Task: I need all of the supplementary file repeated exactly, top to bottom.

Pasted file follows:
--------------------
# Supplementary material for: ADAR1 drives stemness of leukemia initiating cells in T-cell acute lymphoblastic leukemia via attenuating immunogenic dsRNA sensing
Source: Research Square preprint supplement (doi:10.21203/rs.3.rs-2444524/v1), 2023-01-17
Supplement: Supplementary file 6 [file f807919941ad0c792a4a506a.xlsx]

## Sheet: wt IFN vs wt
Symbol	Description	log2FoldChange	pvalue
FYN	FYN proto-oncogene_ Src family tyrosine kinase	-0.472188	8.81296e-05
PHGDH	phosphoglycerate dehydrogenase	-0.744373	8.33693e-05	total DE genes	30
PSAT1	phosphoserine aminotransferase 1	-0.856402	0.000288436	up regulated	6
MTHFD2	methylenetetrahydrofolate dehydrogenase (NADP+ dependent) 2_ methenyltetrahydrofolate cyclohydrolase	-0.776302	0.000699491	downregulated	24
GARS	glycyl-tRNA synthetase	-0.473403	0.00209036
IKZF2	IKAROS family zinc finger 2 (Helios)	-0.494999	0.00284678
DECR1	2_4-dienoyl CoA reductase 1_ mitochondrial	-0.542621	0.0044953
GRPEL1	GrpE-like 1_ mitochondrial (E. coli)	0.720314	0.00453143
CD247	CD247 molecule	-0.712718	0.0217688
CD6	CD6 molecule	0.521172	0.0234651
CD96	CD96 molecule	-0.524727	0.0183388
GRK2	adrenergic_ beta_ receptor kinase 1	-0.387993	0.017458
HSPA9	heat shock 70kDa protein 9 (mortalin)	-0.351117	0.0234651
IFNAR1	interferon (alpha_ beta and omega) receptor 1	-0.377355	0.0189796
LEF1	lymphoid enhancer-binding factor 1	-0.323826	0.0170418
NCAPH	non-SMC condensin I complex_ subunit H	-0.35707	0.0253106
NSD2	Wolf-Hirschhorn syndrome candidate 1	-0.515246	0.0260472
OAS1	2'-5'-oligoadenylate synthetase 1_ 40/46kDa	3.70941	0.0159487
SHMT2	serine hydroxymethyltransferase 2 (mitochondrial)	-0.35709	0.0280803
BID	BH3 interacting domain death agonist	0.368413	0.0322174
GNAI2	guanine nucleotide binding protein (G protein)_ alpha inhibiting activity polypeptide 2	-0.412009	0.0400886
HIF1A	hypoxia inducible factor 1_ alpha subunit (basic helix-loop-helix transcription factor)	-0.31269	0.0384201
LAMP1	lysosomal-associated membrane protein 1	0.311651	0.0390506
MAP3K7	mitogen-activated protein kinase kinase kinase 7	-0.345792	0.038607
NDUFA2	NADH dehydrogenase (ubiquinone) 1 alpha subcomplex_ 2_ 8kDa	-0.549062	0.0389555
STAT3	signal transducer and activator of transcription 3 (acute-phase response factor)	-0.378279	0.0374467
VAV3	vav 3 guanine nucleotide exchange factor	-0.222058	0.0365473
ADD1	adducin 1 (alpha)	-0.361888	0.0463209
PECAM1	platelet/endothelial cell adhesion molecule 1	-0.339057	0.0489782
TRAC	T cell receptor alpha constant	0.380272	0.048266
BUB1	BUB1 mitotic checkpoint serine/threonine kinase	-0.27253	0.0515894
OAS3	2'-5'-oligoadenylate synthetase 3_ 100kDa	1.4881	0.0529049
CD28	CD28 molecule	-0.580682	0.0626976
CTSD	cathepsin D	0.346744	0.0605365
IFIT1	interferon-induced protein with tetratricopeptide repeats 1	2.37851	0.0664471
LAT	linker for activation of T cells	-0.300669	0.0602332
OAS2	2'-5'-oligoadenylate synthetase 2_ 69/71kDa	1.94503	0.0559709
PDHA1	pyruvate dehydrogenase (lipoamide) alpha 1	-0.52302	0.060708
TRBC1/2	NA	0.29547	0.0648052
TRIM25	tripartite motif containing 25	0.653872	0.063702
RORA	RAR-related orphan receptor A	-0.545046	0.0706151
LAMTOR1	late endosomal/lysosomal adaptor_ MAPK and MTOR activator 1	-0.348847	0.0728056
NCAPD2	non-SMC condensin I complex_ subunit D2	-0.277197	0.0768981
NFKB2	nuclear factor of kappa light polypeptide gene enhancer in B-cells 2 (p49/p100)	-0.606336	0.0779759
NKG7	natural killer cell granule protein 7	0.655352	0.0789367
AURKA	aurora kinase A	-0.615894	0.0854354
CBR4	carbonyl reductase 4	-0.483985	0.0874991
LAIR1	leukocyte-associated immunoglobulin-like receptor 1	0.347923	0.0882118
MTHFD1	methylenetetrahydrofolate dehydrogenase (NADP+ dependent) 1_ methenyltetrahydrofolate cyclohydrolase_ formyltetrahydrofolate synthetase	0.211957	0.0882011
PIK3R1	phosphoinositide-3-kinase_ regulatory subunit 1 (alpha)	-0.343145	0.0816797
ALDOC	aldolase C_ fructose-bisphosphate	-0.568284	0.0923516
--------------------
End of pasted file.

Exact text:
# Supplementary material for: ADAR1 drives stemness of leukemia initiating cells in T-cell acute lymphoblastic leukemia via attenuating immunogenic dsRNA sensing
Source: Research Square preprint supplement (doi:10.21203/rs.3.rs-2444524/v1), 2023-01-17
Supplement: Supplementary file 6 [file f807919941ad0c792a4a506a.xlsx]

## Sheet: wt IFN vs wt
Symbol	Description	log2FoldChange	pvalue
FYN	FYN proto-oncogene_ Src family tyrosine kinase	-0.472188	8.81296e-05
PHGDH	phosphoglycerate dehydrogenase	-0.744373	8.33693e-05	total DE genes	30
PSAT1	phosphoserine aminotransferase 1	-0.856402	0.000288436	up regulated	6
MTHFD2	methylenetetrahydrofolate dehydrogenase (NADP+ dependent) 2_ methenyltetrahydrofolate cyclohydrolase	-0.776302	0.000699491	downregulated	24
GARS	glycyl-tRNA synthetase	-0.473403	0.00209036
IKZF2	IKAROS family zinc finger 2 (Helios)	-0.494999	0.00284678
DECR1	2_4-dienoyl CoA reductase 1_ mitochondrial	-0.542621	0.0044953
GRPEL1	GrpE-like 1_ mitochondrial (E. coli)	0.720314	0.00453143
CD247	CD247 molecule	-0.712718	0.0217688
CD6	CD6 molecule	0.521172	0.0234651
CD96	CD96 molecule	-0.524727	0.0183388
GRK2	adrenergic_ beta_ receptor kinase 1	-0.387993	0.017458
HSPA9	heat shock 70kDa protein 9 (mortalin)	-0.351117	0.0234651
IFNAR1	interferon (alpha_ beta and omega) receptor 1	-0.377355	0.0189796
LEF1	lymphoid enhancer-binding factor 1	-0.323826	0.0170418
NCAPH	non-SMC condensin I complex_ subunit H	-0.35707	0.0253106
NSD2	Wolf-Hirschhorn syndrome candidate 1	-0.515246	0.0260472
OAS1	2'-5'-oligoadenylate synthetase 1_ 40/46kDa	3.70941	0.0159487
SHMT2	serine hydroxymethyltransferase 2 (mitochondrial)	-0.35709	0.0280803
BID	BH3 interacting domain death agonist	0.368413	0.0322174
GNAI2	guanine nucleotide binding protein (G protein)_ alpha inhibiting activity polypeptide 2	-0.412009	0.0400886
HIF1A	hypoxia inducible factor 1_ alpha subunit (basic helix-loop-helix transcription factor)	-0.31269	0.0384201
LAMP1	lysosomal-associated membrane protein 1	0.311651	0.0390506
MAP3K7	mitogen-activated protein kinase kinase kinase 7	-0.345792	0.038607
NDUFA2	NADH dehydrogenase (ubiquinone) 1 alpha subcomplex_ 2_ 8kDa	-0.549062	0.0389555
STAT3	signal transducer and activator of transcription 3 (acute-phase response factor)	-0.378279	0.0374467
VAV3	vav 3 guanine nucleotide exchange factor	-0.222058	0.0365473
ADD1	adducin 1 (alpha)	-0.361888	0.0463209
PECAM1	platelet/endothelial cell adhesion molecule 1	-0.339057	0.0489782
TRAC	T cell receptor alpha constant	0.380272	0.048266
BUB1	BUB1 mitotic checkpoint serine/threonine kinase	-0.27253	0.0515894
OAS3	2'-5'-oligoadenylate synthetase 3_ 100kDa	1.4881	0.0529049
CD28	CD28 molecule	-0.580682	0.0626976
CTSD	cathepsin D	0.346744	0.0605365
IFIT1	interferon-induced protein with tetratricopeptide repeats 1	2.37851	0.0664471
LAT	linker for activation of T cells	-0.300669	0.0602332
OAS2	2'-5'-oligoadenylate synthetase 2_ 69/71kDa	1.94503	0.0559709
PDHA1	pyruvate dehydrogenase (lipoamide) alpha 1	-0.52302	0.060708
TRBC1/2	NA	0.29547	0.0648052
TRIM25	tripartite motif containing 25	0.653872	0.063702
RORA	RAR-related orphan receptor A	-0.545046	0.0706151
LAMTOR1	late endosomal/lysosomal adaptor_ MAPK and MTOR activator 1	-0.348847	0.0728056
NCAPD2	non-SMC condensin I complex_ subunit D2	-0.277197	0.0768981
NFKB2	nuclear factor of kappa light polypeptide gene enhancer in B-cells 2 (p49/p100)	-0.606336	0.0779759
NKG7	natural killer cell granule protein 7	0.655352	0.0789367
AURKA	aurora kinase A	-0.615894	0.0854354
CBR4	carbonyl reductase 4	-0.483985	0.0874991
LAIR1	leukocyte-associated immunoglobulin-like receptor 1	0.347923	0.0882118
MTHFD1	methylenetetrahydrofolate dehydrogenase (NADP+ dependent) 1_ methenyltetrahydrofolate cyclohydrolase_ formyltetrahydrofolate synthetase	0.211957	0.0882011
PIK3R1	phosphoinositide-3-kinase_ regulatory subunit 1 (alpha)	-0.343145	0.0816797
ALDOC	aldolase C_ fructose-bisphosphate	-0.568284	0.0923516